By Julia M Gossard
While lecturing on Magellan’s famed voyage that circumnavigated the early modern world, I asked the student who had chosen to trace the voyage on a map if she had any further insights. Somewhat surprisingly she retorted, “Not historically, but it did take me a really long time to draw that line representing Magellan’s voyage. I can’t imagine having actually done it in the 16th century.” Her comment opened up an engaging (unplanned) discussion about the realities of sea travel, culture shock, and geography in the early modern world. As a result of the mapping assignment, students were thinking carefully about the challenges of early modern life, including how people traded and interacted with each other across the globe.
The idea to assign a mapping project came to me in fall 2015 at the University of Texas at Austin when I named my survey course Global Early Modern Europe. Throughout the course, I emphasized that Europe between 1500 and 1800 was not an isolated continent. Instead, it was economically, politically, religiously, and ideologically connected to the wider early modern world. In particular, we studied the ways in which European states and people not only influenced the wider world but how indigenous populations in the Americas, rulers in Asia and Southeast Asia, slave traders in Africa, and merchants in the Middle East influenced Europe. To provide a visual representation of this, students plotted the transmission of goods, people, ideologies, and cultural inventions across the early modern globe.
Over the course of the semester, students were responsible for four entries to a Google map. Each entry was approximately 200 words and could be about a person, place, idea, commodity, or thing (such as a piece of art or a battle). Much like an identification term on an exam, these entries defined the subject, gave dates, and provided historical significance. Students were encouraged to draw lines between their entries that were related. Now complete, the map is a striking visual of how intertwined Europe was with the rest of the world during the early modern period. The entries proved to be a treasure trove for students who had intelligently and accurately crowd-sourced information in preparation for their midterm and final exams.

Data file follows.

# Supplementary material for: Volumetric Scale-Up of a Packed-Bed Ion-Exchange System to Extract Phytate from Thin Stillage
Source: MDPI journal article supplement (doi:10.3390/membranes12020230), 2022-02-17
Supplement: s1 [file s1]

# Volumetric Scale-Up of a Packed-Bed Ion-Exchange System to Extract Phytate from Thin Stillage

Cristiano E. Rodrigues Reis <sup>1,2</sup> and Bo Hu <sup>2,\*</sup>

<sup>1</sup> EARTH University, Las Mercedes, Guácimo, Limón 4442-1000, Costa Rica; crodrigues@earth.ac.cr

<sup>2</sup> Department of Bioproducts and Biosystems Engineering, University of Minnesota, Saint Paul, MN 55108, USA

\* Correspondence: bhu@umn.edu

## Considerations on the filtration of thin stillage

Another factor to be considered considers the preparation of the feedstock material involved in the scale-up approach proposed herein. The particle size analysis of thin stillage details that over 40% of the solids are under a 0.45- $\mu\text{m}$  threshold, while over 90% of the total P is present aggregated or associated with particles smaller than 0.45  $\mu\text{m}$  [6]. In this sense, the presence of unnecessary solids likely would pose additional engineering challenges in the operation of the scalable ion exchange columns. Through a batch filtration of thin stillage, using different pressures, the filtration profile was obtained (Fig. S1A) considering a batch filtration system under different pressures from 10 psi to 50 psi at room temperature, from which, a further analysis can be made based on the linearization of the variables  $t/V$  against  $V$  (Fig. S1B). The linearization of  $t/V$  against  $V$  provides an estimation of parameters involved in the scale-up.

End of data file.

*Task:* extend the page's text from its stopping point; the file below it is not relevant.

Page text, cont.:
A mapping project such as this can address a number of learning objectives as well as challenges instructors face when teaching a survey history course. Instructors of survey courses in Western civ or world history frequently complain that their students lack a number of competencies that preclude their full understanding of the course’s content. Through this project, I was able to address my students’ lack of geographic knowledge, challenge their aversion to historical research projects, and build their digital literacy. The project addressed all three of these issues in a way that was accessible and exciting to students.
The first, and probably the most basic, problem my students had was a lack of geographic knowledge. Many generally knew where Europe was, but where exactly was the Holy Roman Empire? Or the Ottoman Empire? Although the Google Maps platform uses modern-day political boundaries, you can easily change the default setting to a topography map. Although none of my students did it, in future mapping projects I will encourage them to draw in the changing political boundaries of various kingdoms and empires to further emphasize the ebb and flow of geographic power. During the semester, my students started to see how geography was a causal factor in history. For instance, they recognized the important roles that waterways played both as conduits of exchange and as barriers. For many students, the enormity and danger of a voyage like Magellan’s took on a whole new meaning because they were able to chart it for themselves. They began to understand just how fundamental, difficult, and wide early exchange was.